The Feast of Love

Author: Charles Baxter
Year: 2000
Genre: Literary fiction

The concept of The Feast of Love is that a lot of different people are telling their personal love stories to the character Charlie Baxter. The stories, which intersect, deal with mostly ill-fated love for spouses, partners, children. I originally took the "author as narrator" thing to be a standard post-modern gimmick, but my fellow book club members convinced me that it does serve a purpose: it gives all the characters a reason to tell their story, leading the various narrators to be characters as well, each with their own motivation and point of view.

For the most part, I thought the characters were interesting and believable; I liked some of them, and disliked the ones I was supposed to dislike. The one exception was the teenage character, whose voice I found to be exaggerated and unconvincing. I thought this was something I could talk about with some authority, being a high school teacher, but my fellow book club members disagreed.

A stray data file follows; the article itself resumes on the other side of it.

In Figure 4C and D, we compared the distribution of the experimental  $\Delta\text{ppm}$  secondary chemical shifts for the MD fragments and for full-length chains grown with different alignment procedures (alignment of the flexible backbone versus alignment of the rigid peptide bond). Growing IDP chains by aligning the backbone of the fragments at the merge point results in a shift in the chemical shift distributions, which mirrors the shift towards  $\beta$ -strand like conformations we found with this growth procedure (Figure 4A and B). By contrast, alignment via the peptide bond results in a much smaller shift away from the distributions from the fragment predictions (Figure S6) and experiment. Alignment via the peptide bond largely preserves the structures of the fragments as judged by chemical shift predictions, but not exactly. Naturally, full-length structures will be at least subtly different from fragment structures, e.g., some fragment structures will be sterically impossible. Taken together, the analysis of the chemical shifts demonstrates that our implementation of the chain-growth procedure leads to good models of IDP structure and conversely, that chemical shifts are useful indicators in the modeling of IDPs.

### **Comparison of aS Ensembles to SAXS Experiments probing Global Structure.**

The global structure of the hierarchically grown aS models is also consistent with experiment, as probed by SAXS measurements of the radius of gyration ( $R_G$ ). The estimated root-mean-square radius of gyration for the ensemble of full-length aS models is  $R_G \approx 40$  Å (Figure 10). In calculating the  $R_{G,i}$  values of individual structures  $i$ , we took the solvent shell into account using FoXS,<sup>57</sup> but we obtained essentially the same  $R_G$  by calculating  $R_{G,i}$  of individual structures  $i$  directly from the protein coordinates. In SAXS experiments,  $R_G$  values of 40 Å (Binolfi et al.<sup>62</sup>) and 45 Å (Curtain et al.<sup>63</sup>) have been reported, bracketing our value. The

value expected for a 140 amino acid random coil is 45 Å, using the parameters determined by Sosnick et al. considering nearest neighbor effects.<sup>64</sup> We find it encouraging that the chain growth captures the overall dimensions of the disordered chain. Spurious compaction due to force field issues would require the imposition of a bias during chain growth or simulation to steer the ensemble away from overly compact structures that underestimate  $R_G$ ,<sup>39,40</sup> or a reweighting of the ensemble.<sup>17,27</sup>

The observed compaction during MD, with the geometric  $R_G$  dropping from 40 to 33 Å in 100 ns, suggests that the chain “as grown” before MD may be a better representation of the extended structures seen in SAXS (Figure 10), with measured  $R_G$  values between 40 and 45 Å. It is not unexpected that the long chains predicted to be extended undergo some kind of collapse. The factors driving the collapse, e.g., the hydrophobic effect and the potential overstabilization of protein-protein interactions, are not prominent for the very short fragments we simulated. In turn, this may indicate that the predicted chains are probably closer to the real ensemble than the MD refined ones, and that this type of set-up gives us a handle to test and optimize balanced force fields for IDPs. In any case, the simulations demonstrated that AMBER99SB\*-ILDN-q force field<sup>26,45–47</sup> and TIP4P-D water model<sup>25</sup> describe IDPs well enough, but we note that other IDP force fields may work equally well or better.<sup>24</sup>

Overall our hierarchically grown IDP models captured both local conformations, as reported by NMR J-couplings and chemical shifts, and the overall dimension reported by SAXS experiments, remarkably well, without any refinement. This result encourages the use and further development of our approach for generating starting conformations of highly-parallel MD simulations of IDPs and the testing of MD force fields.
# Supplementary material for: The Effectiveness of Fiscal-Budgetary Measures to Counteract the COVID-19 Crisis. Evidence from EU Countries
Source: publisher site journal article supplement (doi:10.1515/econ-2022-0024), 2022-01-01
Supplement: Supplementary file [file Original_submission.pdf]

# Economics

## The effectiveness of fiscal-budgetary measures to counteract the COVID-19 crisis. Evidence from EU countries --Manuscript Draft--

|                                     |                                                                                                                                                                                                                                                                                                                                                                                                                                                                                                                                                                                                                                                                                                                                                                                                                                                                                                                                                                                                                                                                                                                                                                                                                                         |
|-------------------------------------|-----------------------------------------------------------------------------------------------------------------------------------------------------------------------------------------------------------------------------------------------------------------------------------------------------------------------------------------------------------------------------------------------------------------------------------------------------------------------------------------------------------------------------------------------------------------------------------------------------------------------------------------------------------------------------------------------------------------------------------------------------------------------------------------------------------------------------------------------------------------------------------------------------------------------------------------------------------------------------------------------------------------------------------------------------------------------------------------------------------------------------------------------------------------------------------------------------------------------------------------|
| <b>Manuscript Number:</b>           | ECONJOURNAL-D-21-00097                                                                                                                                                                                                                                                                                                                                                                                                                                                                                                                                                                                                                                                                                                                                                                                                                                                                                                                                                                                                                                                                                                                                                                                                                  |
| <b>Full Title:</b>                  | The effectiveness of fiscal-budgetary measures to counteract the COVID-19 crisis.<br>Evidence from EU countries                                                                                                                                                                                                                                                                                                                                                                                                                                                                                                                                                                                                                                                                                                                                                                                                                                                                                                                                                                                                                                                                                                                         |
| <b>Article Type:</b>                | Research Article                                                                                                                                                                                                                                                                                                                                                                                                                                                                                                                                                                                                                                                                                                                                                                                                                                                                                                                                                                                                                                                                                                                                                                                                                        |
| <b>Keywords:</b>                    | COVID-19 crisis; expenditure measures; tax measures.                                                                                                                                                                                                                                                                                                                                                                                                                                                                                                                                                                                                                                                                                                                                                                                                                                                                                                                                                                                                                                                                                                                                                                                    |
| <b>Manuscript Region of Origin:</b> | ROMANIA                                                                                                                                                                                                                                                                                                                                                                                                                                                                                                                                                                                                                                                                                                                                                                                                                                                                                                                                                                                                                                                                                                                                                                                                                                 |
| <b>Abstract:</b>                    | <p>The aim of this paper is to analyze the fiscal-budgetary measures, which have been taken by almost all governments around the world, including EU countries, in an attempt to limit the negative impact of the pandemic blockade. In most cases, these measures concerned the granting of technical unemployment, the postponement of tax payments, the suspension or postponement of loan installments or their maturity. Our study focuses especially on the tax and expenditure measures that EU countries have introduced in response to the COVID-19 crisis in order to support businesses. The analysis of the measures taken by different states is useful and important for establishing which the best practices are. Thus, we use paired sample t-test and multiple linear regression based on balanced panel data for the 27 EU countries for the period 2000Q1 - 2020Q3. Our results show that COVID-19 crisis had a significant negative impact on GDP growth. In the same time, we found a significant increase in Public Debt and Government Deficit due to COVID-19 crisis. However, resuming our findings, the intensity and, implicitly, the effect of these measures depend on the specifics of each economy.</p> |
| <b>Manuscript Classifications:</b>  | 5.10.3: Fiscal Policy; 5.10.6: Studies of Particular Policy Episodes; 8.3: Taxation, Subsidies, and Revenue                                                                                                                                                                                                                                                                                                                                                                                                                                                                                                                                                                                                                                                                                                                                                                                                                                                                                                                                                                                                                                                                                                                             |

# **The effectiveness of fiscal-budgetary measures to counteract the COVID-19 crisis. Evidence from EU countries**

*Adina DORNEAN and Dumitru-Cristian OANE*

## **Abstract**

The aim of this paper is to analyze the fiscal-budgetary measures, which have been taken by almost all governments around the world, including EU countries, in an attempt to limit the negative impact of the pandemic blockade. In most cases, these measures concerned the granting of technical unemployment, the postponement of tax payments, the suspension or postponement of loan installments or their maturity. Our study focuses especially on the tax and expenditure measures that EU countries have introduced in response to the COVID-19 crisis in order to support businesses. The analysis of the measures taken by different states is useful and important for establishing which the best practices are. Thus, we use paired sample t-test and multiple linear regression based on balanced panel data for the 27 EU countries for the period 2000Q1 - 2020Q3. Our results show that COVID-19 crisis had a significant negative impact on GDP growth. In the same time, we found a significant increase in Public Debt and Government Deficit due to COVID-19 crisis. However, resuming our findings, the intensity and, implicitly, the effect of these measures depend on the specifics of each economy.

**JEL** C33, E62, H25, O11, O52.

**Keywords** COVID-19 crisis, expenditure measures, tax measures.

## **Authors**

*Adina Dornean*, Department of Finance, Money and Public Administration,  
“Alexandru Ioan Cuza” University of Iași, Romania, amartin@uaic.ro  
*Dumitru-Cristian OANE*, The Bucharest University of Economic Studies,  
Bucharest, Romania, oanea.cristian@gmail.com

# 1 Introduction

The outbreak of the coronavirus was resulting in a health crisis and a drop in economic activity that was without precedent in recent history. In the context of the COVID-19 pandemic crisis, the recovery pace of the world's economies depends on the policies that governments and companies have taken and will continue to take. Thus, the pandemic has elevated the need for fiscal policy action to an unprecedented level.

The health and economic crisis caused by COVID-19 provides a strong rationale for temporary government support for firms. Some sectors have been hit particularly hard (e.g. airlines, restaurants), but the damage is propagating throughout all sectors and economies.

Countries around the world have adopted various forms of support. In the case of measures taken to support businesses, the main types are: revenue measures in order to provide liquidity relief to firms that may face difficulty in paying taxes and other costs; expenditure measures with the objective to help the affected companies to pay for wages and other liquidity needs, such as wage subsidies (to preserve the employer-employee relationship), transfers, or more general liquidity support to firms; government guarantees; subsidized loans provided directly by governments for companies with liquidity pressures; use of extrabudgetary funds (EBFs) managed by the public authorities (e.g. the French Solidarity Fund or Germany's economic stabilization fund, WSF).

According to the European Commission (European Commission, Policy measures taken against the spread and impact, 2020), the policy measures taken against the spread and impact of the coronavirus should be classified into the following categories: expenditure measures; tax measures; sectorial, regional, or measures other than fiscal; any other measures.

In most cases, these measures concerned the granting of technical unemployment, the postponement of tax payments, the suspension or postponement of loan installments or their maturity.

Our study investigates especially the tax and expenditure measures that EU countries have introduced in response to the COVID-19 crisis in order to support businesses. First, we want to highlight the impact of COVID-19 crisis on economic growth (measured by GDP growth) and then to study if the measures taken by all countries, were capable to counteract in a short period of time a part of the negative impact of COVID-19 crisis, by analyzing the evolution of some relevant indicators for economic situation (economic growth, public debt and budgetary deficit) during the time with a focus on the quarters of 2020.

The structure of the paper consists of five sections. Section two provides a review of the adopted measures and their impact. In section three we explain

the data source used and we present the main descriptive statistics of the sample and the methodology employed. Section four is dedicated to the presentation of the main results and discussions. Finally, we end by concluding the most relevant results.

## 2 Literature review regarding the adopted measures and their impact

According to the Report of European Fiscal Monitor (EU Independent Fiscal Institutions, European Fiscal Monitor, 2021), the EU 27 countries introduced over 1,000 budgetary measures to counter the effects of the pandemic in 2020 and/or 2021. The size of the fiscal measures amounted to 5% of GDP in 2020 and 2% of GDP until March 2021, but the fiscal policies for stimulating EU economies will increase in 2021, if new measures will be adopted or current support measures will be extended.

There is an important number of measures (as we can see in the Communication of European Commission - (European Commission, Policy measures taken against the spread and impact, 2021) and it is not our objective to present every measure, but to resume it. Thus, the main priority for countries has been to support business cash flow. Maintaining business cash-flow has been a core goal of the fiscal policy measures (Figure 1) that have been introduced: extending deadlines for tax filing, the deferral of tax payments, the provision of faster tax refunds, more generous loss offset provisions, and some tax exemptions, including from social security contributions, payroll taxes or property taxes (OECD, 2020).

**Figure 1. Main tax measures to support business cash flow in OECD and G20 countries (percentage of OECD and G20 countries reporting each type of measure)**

The love stories, as I said above, are ill-fated, but that's really what makes a story. Baxter deals with this fact specifically. As one character says after having found true love:

We do what you do in tandem when you belong together ... We fit together. (I avoid saying these things in public; people hate to hear it, as if I'd forced them to eat raw sugar.) There's nothing to talk about to strangers anymore, if you know what I mean. Everything I want to say, I want to say to her. Life has turned into what I once imagined it was supposed to be, as complacent and awful as that sounds. In fact, I don't really want to talk about this anymore. As the poet says, all happy couples are alike, it's the unhappy ones who create the stories.

I'm no longer a story. Happiness has made me fade into real life.

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